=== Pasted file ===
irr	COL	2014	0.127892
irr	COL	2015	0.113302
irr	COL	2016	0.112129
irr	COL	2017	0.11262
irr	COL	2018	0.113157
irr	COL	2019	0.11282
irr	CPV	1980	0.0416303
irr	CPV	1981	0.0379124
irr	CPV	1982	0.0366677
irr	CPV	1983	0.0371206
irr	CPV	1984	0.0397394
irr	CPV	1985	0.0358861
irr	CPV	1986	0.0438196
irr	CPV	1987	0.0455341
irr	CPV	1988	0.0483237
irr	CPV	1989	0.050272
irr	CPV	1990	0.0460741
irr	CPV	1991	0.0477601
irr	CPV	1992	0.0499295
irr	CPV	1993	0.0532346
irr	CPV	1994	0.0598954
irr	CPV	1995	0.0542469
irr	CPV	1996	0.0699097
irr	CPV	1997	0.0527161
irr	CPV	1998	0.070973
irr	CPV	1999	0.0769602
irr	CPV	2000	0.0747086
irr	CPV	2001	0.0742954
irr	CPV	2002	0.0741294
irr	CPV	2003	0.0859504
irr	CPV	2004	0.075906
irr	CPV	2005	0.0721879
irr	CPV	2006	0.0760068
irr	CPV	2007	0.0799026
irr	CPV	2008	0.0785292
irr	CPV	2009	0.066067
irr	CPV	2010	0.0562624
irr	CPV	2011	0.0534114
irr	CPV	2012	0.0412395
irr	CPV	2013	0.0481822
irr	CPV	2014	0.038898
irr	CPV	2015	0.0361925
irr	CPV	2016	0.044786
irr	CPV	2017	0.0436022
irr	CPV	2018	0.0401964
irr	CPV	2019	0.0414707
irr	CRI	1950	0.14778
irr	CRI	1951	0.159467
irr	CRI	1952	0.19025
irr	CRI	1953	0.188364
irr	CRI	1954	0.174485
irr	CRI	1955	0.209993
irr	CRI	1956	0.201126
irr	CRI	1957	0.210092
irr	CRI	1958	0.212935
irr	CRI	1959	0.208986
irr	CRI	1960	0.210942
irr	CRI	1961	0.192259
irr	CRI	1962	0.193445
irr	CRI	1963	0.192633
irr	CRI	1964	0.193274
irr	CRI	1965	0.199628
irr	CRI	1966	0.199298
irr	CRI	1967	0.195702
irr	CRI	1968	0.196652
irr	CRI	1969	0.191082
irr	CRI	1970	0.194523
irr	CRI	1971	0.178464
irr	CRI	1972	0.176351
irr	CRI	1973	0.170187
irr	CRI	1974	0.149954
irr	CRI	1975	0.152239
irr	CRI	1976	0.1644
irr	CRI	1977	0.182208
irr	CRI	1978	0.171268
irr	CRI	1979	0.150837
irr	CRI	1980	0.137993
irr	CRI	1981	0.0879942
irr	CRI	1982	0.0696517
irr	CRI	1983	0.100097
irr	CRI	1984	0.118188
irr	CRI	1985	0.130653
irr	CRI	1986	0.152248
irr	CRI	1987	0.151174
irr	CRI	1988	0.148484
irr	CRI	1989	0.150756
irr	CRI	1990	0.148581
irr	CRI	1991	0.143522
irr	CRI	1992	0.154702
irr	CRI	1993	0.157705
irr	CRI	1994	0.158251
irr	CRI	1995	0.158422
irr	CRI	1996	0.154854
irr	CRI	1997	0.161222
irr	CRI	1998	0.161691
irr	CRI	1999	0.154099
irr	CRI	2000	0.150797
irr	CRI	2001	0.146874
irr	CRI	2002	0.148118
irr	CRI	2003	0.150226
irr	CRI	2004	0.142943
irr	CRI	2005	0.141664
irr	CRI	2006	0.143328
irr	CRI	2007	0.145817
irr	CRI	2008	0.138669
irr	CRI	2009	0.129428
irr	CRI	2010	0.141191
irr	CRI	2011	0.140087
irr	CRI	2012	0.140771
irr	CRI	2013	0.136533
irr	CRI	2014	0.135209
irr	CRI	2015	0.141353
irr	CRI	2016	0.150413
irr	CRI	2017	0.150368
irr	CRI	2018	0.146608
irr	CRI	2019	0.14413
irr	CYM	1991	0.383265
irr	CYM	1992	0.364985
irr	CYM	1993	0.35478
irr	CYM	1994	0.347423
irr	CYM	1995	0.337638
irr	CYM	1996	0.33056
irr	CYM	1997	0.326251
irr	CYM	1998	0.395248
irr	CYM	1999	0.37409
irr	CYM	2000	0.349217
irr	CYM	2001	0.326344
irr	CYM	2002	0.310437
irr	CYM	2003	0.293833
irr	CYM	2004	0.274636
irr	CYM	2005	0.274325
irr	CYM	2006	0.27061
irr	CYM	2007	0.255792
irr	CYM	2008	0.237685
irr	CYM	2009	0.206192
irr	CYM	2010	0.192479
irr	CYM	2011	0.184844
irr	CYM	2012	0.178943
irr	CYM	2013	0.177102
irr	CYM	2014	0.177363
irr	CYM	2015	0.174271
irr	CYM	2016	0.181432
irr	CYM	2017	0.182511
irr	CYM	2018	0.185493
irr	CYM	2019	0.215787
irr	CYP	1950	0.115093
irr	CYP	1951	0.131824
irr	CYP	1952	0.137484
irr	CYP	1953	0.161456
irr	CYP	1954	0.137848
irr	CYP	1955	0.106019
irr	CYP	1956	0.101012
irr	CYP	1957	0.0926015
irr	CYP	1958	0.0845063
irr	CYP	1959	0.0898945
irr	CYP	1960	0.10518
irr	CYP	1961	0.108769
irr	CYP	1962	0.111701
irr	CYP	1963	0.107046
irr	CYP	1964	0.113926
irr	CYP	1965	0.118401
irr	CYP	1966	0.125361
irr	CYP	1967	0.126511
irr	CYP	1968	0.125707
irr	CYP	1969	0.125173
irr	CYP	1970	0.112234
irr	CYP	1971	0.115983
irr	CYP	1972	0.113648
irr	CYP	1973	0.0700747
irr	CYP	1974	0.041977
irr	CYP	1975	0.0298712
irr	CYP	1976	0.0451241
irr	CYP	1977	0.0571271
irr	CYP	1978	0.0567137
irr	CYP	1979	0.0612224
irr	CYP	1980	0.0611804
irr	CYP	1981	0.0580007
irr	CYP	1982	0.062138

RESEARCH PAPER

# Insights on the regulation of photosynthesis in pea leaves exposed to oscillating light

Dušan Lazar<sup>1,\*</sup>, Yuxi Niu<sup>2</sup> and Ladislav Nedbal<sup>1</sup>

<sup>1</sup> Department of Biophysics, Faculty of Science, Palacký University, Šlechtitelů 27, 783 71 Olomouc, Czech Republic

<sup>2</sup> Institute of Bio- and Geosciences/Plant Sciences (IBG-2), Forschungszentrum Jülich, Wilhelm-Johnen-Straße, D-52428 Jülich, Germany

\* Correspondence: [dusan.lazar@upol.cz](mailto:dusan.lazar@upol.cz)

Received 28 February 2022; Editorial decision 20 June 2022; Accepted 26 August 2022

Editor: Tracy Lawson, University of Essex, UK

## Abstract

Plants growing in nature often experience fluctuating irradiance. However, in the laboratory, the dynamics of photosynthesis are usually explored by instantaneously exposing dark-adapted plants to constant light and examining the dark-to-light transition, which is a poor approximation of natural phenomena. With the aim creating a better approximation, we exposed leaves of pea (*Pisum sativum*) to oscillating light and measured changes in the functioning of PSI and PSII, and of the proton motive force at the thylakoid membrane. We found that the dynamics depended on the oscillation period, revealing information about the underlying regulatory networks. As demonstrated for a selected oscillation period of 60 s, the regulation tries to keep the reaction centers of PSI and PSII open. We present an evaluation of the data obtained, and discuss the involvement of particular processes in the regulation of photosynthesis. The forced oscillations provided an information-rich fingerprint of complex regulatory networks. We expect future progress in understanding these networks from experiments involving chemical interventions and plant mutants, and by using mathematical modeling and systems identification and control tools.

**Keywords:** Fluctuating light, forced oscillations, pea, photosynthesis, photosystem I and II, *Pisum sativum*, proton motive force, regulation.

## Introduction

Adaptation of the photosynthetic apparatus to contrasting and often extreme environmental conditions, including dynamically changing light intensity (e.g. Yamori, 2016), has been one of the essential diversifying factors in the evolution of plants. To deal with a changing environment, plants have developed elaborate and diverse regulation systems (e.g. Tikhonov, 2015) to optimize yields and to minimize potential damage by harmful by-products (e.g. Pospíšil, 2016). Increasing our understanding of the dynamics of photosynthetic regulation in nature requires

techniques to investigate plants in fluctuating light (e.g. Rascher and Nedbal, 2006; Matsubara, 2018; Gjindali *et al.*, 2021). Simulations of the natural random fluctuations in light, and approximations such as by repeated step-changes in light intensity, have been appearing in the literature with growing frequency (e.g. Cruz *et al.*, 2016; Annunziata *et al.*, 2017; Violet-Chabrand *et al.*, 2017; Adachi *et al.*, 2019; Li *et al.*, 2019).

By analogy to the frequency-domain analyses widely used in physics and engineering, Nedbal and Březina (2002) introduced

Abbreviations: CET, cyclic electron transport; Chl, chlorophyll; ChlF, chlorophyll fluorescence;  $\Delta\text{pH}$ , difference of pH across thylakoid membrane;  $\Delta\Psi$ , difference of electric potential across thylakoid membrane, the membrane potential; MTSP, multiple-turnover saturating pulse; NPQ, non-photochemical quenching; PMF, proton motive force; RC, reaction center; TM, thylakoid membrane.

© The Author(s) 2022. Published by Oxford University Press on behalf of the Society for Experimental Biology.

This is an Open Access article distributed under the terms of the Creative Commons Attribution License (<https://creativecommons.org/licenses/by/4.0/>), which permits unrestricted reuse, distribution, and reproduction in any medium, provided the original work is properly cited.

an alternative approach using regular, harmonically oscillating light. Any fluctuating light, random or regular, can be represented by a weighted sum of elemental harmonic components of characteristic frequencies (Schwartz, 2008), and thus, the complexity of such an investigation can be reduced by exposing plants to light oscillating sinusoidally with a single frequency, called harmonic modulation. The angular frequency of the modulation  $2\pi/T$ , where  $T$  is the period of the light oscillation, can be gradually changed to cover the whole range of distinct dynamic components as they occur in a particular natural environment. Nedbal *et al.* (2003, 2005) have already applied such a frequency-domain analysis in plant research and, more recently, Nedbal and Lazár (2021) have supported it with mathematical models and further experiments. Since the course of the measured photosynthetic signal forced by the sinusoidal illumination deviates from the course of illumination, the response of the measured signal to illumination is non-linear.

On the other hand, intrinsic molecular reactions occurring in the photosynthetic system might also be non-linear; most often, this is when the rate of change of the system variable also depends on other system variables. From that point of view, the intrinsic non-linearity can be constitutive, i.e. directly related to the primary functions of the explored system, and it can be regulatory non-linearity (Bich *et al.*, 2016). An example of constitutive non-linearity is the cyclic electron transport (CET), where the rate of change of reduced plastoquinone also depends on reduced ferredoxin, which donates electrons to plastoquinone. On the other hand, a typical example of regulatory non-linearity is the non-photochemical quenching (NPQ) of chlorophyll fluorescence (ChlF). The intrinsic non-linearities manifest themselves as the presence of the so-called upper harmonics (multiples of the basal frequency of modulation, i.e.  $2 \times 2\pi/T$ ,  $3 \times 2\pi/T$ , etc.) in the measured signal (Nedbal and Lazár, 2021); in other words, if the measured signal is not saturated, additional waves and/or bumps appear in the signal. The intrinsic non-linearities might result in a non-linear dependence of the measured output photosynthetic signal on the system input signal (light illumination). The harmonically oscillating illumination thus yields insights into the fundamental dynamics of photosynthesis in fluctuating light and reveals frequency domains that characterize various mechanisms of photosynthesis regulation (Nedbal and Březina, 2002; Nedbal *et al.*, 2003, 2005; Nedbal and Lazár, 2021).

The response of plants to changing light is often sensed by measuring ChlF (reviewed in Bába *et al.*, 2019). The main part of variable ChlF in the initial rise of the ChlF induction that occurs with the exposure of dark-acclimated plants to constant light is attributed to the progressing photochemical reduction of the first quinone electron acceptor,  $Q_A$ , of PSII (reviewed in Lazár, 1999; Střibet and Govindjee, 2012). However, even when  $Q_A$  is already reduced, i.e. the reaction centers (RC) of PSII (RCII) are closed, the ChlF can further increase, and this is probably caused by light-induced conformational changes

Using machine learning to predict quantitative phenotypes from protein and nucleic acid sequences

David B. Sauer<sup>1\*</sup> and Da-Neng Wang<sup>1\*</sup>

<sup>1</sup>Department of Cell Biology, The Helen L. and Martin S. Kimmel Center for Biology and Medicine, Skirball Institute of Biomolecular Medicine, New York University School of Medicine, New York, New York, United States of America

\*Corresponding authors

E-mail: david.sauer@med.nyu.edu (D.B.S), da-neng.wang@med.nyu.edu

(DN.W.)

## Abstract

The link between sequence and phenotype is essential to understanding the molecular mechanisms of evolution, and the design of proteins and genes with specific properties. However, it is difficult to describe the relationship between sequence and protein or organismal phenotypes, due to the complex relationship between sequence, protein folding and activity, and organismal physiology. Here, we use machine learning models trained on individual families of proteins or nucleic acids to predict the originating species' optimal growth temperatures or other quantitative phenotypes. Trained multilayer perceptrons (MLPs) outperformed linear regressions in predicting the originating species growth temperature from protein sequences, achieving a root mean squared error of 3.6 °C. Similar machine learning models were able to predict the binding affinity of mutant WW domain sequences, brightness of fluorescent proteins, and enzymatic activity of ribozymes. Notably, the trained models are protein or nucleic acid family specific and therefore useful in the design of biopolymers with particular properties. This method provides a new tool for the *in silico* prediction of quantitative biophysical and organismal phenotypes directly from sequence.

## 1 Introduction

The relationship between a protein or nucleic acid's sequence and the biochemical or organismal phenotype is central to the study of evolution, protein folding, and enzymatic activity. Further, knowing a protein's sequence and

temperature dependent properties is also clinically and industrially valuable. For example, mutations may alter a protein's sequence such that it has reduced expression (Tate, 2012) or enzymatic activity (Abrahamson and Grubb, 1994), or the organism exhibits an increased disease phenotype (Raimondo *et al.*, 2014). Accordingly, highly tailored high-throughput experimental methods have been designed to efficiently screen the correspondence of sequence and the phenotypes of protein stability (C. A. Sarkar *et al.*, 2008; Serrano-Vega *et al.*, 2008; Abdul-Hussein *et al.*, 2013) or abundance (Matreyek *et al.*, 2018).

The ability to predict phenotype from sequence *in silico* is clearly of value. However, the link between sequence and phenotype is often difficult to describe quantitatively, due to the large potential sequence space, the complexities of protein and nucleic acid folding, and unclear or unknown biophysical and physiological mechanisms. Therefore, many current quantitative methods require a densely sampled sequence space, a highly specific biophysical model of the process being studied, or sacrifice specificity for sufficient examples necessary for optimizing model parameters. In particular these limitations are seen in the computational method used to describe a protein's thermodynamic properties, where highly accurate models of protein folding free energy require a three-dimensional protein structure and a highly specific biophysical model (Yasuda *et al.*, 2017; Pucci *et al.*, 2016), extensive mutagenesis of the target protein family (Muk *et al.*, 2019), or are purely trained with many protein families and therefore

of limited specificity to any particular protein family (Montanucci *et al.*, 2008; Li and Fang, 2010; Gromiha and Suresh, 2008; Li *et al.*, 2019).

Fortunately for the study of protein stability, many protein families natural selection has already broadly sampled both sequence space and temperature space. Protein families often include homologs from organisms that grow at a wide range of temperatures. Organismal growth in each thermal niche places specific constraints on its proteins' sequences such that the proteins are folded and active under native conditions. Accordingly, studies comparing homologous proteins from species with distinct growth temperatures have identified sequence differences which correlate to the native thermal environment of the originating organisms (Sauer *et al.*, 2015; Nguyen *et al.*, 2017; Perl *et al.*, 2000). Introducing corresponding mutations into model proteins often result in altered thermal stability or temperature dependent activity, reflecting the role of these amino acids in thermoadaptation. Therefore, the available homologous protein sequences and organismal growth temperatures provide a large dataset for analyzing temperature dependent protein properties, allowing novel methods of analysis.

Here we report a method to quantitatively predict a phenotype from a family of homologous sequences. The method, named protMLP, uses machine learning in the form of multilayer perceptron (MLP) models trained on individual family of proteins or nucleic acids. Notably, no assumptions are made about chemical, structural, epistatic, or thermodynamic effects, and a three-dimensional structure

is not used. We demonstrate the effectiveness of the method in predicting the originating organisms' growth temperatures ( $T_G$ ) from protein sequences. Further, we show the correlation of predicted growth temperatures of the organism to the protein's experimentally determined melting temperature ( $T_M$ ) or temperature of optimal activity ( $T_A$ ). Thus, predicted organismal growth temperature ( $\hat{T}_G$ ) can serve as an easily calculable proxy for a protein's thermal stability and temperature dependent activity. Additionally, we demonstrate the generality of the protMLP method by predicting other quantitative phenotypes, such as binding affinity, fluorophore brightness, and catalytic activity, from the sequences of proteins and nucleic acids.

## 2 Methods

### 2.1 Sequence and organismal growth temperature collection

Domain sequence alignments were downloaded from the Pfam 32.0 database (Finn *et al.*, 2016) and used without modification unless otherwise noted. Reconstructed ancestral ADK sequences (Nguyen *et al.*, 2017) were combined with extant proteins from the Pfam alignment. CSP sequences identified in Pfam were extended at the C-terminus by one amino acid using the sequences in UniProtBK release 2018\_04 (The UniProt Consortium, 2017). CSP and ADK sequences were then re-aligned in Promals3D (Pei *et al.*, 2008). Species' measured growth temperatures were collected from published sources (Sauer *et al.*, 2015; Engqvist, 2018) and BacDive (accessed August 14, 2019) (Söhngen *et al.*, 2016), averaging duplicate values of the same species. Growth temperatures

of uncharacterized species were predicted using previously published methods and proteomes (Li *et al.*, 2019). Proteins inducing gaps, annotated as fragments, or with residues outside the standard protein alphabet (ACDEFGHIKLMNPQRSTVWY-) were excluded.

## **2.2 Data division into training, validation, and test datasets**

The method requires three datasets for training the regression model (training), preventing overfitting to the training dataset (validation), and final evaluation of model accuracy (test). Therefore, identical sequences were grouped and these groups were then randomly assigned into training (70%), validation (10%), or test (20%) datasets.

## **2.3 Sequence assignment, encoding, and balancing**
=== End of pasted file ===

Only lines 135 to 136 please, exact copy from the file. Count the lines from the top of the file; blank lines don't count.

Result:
irr	CYM	2009	0.206192
irr	CYM	2010	0.192479